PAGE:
You aren’t going to convince clients to pay your fees because you have taxes and bills to pay.

And telling them you are more affordable because they don’t have to pay for breaks and lunches is not compelling either.

(When is the last time you heard any other business professional use that kind of bargaining to market their expertise?)

All that does is put them even more in cheapskate mentality.

Calling yourself an assistant results in the same.

Your value also has no relation to what you or they charge per hour (and by the way, it’s high time you stopped charging by the hour anyway).

Your value isn’t in how little they pay (stop making that argument or you’ll forever be stuck with cheapskate clients who want everything for little to nothing).

Your value is in what they gain by working with you:

How many more clients are they able to work with? How much more marketing and networking are they able to engage in? How much more are they able to get done in a day, a week, a month? How much more free time do they have to brainstorm, develop their business, or plain live life?

Are they able to get those projects done that have been on the back-burner for forever? Are they finally able to write that book, complete that training program, or write that signature talk they’ve been dreaming of? How much have their revenues increased or have the potential to increase as a result? How many more dollars per year does that represent?

How do they profit in their life from working with you beyond money? How much easier and stress-free are their life and business?

How much are those results and accomplishments worth to them?

THESE are the things to be talking about, not “you only pay for time on task and don’t pay for office equipment, lunches, breaks or vacations.”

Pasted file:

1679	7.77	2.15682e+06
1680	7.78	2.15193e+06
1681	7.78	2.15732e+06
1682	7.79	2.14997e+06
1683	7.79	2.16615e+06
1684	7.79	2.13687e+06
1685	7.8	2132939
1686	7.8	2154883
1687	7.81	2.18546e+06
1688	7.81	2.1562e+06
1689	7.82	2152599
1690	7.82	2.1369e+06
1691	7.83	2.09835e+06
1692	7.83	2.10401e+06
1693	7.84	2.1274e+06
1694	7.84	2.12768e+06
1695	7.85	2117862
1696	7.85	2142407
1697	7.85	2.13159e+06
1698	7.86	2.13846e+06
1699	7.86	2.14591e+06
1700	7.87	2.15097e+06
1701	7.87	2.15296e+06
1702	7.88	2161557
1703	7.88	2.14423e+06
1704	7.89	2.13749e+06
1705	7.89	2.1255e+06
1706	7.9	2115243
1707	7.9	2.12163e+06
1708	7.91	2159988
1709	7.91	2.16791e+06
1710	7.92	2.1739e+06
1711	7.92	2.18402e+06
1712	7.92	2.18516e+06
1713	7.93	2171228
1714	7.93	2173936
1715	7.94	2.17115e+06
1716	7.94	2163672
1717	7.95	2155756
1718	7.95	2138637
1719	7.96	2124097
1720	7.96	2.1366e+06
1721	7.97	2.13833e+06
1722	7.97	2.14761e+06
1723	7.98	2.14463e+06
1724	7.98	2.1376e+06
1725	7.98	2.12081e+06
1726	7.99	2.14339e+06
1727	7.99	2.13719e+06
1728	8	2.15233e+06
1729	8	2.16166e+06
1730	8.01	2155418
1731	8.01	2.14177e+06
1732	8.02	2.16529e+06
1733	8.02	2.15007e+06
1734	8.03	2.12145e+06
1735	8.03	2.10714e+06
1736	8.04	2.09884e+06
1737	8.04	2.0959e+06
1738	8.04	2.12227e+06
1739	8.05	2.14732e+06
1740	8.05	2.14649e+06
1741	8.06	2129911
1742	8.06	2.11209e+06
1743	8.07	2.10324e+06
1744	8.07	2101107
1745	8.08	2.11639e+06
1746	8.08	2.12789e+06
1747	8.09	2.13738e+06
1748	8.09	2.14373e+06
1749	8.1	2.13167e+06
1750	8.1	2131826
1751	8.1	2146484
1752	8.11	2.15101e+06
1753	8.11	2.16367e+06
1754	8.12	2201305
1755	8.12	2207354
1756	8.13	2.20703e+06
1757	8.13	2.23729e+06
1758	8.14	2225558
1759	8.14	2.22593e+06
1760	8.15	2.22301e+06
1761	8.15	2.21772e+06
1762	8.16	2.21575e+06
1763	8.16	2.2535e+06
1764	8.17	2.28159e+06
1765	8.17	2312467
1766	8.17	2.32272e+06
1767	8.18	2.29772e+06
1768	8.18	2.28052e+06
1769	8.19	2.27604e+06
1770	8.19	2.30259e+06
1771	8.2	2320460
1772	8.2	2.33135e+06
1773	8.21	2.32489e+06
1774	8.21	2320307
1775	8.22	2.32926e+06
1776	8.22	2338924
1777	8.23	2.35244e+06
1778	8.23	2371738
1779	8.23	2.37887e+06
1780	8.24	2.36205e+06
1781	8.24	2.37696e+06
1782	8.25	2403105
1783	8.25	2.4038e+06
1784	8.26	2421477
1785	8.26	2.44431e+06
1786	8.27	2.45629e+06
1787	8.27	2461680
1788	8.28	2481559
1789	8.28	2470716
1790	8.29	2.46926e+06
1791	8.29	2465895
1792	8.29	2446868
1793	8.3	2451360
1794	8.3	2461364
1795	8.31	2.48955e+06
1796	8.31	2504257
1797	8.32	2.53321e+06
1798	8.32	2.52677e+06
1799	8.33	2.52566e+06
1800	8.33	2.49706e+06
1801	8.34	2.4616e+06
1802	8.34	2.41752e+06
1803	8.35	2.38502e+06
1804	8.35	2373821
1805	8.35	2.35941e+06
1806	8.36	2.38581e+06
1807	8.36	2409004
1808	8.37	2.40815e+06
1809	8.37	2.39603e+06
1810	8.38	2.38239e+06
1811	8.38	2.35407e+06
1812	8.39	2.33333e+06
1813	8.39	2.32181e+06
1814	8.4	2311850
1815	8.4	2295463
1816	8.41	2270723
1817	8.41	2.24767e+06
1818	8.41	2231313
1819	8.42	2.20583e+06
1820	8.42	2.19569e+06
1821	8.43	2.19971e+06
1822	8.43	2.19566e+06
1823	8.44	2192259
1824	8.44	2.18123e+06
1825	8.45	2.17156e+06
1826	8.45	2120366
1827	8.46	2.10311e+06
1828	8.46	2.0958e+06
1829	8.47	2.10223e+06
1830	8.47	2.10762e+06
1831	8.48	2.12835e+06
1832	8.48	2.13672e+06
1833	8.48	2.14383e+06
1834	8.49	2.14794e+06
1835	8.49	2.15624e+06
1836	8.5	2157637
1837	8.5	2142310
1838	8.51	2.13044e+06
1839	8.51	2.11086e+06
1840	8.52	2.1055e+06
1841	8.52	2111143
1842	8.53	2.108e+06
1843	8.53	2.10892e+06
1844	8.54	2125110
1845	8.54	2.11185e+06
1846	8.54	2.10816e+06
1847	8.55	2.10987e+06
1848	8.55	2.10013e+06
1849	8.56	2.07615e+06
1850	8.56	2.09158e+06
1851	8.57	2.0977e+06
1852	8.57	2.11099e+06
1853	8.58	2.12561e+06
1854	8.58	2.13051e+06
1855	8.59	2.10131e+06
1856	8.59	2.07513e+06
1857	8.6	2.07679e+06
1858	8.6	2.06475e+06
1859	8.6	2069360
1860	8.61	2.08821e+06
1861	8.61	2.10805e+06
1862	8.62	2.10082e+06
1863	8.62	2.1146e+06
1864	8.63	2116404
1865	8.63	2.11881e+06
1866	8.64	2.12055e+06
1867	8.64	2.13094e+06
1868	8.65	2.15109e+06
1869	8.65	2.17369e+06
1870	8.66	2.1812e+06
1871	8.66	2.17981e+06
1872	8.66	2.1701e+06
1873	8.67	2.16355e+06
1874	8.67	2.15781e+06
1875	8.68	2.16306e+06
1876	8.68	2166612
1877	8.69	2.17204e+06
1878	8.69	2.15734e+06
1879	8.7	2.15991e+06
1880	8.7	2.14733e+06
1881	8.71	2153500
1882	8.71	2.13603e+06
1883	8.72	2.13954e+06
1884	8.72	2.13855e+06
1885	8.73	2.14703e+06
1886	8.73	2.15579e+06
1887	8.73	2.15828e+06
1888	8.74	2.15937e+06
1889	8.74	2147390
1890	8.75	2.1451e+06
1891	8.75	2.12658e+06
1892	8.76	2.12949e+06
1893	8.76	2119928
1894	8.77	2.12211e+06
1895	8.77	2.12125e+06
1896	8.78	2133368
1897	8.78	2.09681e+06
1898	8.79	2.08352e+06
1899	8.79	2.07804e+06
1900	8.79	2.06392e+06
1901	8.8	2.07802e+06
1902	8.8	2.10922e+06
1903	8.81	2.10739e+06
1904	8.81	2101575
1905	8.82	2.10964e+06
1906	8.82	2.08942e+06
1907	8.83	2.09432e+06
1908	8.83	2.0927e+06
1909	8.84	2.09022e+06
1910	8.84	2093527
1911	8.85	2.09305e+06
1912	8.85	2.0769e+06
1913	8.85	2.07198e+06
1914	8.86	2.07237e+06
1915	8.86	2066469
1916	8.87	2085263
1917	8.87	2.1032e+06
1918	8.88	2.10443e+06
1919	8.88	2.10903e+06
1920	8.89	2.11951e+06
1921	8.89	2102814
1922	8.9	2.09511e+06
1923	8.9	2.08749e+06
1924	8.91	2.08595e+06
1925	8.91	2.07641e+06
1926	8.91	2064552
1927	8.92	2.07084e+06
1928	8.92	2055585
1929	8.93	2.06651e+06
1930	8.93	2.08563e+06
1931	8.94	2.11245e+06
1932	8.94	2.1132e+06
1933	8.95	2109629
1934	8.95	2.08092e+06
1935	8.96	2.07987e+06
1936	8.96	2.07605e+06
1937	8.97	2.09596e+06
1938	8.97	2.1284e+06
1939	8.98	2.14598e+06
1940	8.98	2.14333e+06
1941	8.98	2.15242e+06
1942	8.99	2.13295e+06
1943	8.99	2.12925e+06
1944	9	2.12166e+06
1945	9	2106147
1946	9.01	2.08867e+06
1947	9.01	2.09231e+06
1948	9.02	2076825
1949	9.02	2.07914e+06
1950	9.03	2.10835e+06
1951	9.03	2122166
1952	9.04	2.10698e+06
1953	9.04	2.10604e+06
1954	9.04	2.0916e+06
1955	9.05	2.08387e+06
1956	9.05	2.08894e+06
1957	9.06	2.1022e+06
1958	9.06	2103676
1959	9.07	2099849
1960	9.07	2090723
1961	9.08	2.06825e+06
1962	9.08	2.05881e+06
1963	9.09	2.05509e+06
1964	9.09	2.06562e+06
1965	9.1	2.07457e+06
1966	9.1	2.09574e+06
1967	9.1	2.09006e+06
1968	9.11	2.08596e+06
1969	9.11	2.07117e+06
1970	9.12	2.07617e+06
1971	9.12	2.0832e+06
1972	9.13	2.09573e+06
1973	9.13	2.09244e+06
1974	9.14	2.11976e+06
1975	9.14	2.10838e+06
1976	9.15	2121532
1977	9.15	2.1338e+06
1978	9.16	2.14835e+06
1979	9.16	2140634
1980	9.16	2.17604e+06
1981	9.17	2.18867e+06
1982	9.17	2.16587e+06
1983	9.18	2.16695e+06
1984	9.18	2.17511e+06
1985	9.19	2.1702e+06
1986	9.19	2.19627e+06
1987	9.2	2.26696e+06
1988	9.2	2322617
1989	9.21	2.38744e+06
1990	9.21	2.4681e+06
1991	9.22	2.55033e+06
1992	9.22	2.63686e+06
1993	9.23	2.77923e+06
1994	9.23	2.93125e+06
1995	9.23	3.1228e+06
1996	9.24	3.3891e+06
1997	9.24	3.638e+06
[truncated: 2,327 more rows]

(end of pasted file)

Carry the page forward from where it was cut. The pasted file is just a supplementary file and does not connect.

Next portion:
Do you see how silly and pedestrian the latter is in comparison?

Which do you think will excite potential clients more and fill them with the sense of abundance and possibility?

Use This Phrase Instead of “General”

Some folks use the term general when they talk about administrative support as a business.

But administrative support is not “general.”

Administrative support is a skillset, expertise and profession in and of itself. It’s the very backbone of every business in the world.

That is anything but “general.” That is something very specific.

Administrative support is also an ongoing relationship with a client; it’s not a one-off project here and there sporadically.

It’s about being an active right-hand in the client’s business and taking on specific areas of work and support for them.

Using the word general to describe your business relegates it to something menial, unimportant, homogeneous (as in same basic humdrum as everybody else), and of not much value.

That’s because general is code for menial which is code for cheap and mundane.

And when clients think of something as menial, they expect to pay paltry fees for it as well.

If you are struggling to get clients who recognize the work you do as valuable, important and beneficial to them, it could be because you are using language that is attracting un-ideal clients and/or putting potential clients in the wrong (i.e., cheapskate) mindset.

When marketing your business, you want to use words that position your business and portray it as something invaluable, not general.

Here’s an alternative to better articulate your value: